On June 30, Shaquan ‘Quanny’ Robinson was sentenced to 12 years in prison for conspiracy to distribute and possess with intent to distribute heroin and crack cocaine. Robinson was a member of the Cherry Hill gang called “Little Spelman,” which has been associated with various crimes including robbery, non-fatal shootings, homicides and drug distribution in the “down the hill” section of the troubled Baltimore neighborhood.In May of 2013, the 26-year-old was caught on police cameras handling drug transactions on a school playground. The police uncovered 24 Ziploc bags of cocaine and two bags of marijuana near and on his person. In his plea agreement, Robinson also admitted to possession of a firearm in furtherance of a drug conspiracy related to his membership in Little Spelman. In July of 2012, Robinson ran away from the police with a loaded handgun, which he later dropped and which was recovered by the police.Along with a dozen years in the slammer, U.S. District Judge George L. Russell III sentenced Robinson to 10 years of supervised release after he leaves prison. The sentence was announced by the United States Attorney for the District of Maryland Rod J. Rosenstein; Daniel L Board Jr., special agent in charge of Baltimore’s Bureau of Alcohol, Tobacco, Firearms and Explosives; Commissioner Kevin Davis of the Baltimore Police Department and Baltimore City State’s Attorney Marilyn Mosby.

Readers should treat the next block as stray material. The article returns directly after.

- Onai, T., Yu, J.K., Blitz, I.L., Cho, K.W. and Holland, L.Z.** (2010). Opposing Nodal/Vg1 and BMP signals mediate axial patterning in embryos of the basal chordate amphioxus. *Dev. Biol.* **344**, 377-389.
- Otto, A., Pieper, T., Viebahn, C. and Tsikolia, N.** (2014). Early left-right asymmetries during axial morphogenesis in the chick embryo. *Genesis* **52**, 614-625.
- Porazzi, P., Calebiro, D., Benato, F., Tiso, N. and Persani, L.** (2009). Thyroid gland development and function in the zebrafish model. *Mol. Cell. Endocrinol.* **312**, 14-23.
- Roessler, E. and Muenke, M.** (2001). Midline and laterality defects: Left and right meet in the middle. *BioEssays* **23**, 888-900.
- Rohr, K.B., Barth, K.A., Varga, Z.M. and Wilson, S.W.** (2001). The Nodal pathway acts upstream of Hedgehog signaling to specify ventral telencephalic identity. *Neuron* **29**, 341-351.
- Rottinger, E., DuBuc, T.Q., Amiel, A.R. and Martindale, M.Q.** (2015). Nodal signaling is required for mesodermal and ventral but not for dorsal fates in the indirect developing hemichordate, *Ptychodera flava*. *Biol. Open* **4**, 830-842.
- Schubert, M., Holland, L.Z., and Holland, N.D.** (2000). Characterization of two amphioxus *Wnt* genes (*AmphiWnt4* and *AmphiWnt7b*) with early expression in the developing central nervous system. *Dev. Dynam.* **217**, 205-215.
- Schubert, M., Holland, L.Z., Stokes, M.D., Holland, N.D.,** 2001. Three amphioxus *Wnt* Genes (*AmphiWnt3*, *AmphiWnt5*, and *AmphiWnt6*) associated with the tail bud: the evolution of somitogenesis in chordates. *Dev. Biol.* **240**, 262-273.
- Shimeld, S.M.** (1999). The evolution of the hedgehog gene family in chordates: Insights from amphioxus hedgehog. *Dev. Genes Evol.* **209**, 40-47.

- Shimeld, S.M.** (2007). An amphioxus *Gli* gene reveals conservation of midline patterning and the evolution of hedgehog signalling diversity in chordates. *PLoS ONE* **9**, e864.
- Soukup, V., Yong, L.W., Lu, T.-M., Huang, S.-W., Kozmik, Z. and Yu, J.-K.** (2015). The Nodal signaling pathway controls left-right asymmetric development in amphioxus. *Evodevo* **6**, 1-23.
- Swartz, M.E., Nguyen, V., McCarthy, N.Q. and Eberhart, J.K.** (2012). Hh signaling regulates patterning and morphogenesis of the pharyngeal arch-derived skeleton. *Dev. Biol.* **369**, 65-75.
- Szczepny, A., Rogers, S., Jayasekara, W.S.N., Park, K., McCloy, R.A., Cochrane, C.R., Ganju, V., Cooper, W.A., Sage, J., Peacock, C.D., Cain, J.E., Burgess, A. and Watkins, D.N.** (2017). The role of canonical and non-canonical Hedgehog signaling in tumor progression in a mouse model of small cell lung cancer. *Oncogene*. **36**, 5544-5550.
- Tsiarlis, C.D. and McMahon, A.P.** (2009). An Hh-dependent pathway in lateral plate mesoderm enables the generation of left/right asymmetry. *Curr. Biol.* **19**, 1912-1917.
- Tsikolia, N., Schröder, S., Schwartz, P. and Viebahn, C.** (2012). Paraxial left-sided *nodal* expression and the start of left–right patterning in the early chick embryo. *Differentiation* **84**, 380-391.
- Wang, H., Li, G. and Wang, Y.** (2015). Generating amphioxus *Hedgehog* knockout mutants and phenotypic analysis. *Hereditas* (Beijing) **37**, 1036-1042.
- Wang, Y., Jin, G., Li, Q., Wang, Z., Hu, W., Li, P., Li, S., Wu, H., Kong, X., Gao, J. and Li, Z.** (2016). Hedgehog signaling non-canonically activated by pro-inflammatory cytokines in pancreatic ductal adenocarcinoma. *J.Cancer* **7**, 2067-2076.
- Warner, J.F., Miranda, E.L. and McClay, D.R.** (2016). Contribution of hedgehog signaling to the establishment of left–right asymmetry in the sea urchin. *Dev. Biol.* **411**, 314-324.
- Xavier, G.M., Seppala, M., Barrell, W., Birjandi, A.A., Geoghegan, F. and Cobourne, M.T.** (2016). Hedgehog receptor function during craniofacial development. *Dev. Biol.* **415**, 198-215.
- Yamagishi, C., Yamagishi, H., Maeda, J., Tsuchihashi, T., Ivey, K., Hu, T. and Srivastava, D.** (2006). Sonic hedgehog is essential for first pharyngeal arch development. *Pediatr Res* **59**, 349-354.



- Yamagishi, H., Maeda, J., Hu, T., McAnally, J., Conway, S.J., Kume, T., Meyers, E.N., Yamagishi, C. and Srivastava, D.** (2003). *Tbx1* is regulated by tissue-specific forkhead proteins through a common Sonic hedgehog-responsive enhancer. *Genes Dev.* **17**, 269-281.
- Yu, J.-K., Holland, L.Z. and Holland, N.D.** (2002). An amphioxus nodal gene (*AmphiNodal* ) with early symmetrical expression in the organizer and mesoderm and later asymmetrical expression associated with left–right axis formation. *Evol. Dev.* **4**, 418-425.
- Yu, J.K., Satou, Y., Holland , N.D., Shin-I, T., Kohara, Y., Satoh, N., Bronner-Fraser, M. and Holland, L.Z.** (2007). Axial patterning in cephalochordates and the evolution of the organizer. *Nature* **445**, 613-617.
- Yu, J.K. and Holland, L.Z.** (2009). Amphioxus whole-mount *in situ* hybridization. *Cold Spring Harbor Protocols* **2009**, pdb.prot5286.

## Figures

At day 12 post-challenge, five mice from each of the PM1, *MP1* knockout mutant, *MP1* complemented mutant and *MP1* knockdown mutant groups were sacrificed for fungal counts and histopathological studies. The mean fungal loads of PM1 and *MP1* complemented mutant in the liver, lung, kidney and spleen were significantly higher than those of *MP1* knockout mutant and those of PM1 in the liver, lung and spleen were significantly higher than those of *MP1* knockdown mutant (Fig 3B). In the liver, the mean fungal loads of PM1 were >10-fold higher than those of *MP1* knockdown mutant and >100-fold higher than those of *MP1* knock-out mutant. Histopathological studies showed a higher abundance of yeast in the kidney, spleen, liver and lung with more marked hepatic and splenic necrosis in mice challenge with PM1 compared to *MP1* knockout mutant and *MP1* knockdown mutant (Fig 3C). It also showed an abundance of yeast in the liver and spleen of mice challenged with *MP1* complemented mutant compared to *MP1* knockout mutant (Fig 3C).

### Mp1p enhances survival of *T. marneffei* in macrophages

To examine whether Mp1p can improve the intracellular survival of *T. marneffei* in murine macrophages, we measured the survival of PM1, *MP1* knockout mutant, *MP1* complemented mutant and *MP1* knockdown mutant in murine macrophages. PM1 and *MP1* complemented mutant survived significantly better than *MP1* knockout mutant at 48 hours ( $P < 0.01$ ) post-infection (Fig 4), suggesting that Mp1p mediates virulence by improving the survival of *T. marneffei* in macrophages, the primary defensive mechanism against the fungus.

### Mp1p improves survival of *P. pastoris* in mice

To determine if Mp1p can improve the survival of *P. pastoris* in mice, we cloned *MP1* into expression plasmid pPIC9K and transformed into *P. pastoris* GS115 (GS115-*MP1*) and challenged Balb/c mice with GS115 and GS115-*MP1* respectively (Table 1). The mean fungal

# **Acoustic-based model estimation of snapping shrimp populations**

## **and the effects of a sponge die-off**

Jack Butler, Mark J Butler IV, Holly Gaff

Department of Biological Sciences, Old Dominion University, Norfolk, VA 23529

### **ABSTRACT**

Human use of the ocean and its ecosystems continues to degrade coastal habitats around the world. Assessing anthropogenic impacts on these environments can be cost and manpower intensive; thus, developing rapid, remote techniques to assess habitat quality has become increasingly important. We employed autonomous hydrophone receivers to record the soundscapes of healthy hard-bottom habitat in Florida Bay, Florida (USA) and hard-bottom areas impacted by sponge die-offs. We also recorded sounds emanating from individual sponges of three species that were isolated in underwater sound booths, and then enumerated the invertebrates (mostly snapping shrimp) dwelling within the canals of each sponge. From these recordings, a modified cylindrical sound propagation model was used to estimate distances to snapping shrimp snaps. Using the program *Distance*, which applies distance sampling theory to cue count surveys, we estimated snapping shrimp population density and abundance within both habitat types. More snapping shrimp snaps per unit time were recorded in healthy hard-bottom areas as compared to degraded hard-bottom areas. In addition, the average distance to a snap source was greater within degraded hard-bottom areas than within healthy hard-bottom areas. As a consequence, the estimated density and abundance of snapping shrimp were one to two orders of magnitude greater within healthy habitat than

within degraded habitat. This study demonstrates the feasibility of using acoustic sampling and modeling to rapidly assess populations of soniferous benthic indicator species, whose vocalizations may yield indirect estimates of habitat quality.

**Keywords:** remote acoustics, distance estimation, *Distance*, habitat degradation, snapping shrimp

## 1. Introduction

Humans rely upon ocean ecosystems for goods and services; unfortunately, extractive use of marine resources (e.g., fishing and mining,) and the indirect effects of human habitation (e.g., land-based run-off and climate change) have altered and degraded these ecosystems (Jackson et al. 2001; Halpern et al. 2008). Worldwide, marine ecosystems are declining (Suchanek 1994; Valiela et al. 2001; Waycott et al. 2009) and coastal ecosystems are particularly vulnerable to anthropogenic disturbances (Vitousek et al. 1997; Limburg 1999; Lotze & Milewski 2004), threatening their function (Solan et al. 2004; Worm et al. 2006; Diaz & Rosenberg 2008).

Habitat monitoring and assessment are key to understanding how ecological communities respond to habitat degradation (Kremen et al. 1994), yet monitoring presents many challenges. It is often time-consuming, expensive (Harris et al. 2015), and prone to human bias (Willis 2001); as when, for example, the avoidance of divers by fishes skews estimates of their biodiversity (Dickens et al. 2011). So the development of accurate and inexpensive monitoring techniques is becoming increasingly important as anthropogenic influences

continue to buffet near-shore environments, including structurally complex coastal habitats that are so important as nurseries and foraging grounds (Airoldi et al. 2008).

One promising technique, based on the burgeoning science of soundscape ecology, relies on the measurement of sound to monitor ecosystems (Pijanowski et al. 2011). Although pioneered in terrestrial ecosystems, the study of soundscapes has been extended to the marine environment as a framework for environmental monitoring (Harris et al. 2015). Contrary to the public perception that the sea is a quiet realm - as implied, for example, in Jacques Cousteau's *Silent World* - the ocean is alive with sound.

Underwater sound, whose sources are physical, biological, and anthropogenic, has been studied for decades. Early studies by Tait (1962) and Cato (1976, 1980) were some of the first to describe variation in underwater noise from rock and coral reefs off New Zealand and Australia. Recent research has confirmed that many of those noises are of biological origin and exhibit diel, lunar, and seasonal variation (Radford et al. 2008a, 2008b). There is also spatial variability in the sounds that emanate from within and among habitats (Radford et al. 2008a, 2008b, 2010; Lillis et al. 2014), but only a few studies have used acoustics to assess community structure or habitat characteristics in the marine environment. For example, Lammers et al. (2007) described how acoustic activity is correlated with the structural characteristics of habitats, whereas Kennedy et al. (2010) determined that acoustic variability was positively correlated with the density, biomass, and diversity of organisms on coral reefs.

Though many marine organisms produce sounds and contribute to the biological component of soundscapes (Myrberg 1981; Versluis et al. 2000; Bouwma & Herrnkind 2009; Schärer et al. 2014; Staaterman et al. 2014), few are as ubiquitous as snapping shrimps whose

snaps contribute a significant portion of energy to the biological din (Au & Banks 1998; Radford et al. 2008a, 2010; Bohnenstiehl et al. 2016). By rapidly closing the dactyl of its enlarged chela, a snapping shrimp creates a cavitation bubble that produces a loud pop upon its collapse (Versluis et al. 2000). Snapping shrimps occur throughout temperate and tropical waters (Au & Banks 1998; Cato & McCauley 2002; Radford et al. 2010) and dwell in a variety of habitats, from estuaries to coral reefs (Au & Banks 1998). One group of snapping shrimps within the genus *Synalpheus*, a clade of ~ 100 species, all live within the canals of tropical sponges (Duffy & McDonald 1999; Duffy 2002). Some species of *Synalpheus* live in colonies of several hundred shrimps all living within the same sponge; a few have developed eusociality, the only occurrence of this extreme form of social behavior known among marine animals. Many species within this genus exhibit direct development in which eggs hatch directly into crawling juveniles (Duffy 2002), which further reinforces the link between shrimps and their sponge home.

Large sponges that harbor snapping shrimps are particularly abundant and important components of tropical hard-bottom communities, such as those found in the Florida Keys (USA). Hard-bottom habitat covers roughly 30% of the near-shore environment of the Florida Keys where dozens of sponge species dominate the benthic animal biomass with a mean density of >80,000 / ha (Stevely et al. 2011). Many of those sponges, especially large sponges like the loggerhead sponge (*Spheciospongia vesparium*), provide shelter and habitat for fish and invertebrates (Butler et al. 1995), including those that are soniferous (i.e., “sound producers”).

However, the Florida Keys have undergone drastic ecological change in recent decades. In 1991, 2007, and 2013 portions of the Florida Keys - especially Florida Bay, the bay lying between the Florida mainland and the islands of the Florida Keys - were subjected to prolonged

(Phys.org) —A pair of researchers affiliated with several institutions in Australia, believe they may have found a way to solve the discrepancy problem that exists between molecular biologists and paleontologists who disagree on the likely first appearance of placental mammals. They describe their new dating approach, which they call a “morphological clock” in their paper published in Proceedings of the Royal Society B: Biological Sciences. Journal information: Proceedings of the Royal Society B Citation: Researchers suggest rate of evolution change can explain discrepancy between molecular clocks and fossil evidence (2014, August 27) retrieved 18 August 2019 from https://phys.org/news/2014-08-evolution-discrepancy-molecular-clocks-fossil.html More information: Ancient dates or accelerated rates? Morphological clocks and the antiquity of placental mammals, Proc. R. Soc. B 22 October 2014 vol. 281 no. 1793 20141278. rspb.royalsocietypublishing.or … nt/281/1793/20141278AbstractAnalyses of a comprehensive morphological character matrix of mammals using ‘relaxed’ clock models (which simultaneously estimate topology, divergence dates and evolutionary rates), either alone or in combination with an 8.5 kb nuclear sequence dataset, retrieve implausibly ancient, Late Jurassic–Early Cretaceous estimates for the initial diversification of Placentalia (crown-group Eutheria). These dates are much older than all recent molecular and palaeontological estimates. They are recovered using two very different clock models, and regardless of whether the tree topology is freely estimated or constrained using scaffolds to match the current consensus placental phylogeny. This raises the possibility that divergence dates have been overestimated in previous analyses that have applied such clock models to morphological and total evidence datasets. Enforcing additional age constraints on selected internal divergences results in only a slight reduction of the age of Placentalia. Constraining Placentalia to less than 93.8 Ma, congruent with recent molecular estimates, does not require major changes in morphological or molecular evolutionary rates. Even constraining Placentalia to less than 66 Ma to match the ‘explosive’ palaeontological model results in only a 10- to 20-fold increase in maximum evolutionary rate for morphology, and fivefold for molecules. The large discrepancies between clock- and fossil-based estimates for divergence dates might therefore be attributable to relatively small changes in evolutionary rates through time, although other explanations (such as overly simplistic models of morphological evolution) need to be investigated. Conversely, dates inferred using relaxed clock models (especially with discrete morphological data and MRBAYES) should be treated cautiously, as relatively minor deviations in rate patterns can generate large effects on estimated divergence dates. Explore further Research team claims fossil-only study of placental mammalian evolution time frame is wrong To date the first appearance of a something in the biological record, modern scientists have two main tools—dating fossils and using what’s known as a molecular clock, where DNA techniques are used to follow the evolution of species divergence. Problems come in when the two methods offer different results. That’s been the case with researchers attempting to date the first arrival of placental mammals. The earliest fossils suggest they showed up on the scene approximately 66 million years ago. The molecular clock approach, however, suggests it happened long before that, approximately 90 to 100 million years ago. In this new effort, the research pair suggest a way to resolve the difference (without claiming that the difference is because older fossils have just not been found.) They call their approach a morphological clock, which is based on the progression of anatomical differences that arise in a species, rather than DNA tracing. Using it, they suggest it’s possible that placental mammals first arrived as early as 160 million years ago. But they have a caveat, they suggest, that the speed at which evolutionary changes took place could have changed, which if taken into account, would bring the time frame closer to 66 million years ago. As for why a change in speed of evolution might have taken place, the team notes that it might have occurred soon after the dinosaurs went extinct—which would have opened up a whole new niche that could have been filled very quickly by the advent of placental mammals.If this new approach is to be taken seriously, it would cast doubts on the accuracy of molecular clocks in general—they’re based on the assumption that evolution occurs at a fixed rate. It could also help explain the “sudden” appearance of a wide variety of species 540 million years ago—the Cambrian explosion—which many believe led to the appearance of all modern animal groups. © 2014 Phys.org A four-day-old mouse. Credit: Wikipedia/CC BY-SA 3.0 This document is subject to copyright. Apart from any fair dealing for the purpose of private study or research, no part may be reproduced without the written permission. The content is provided for information purposes only.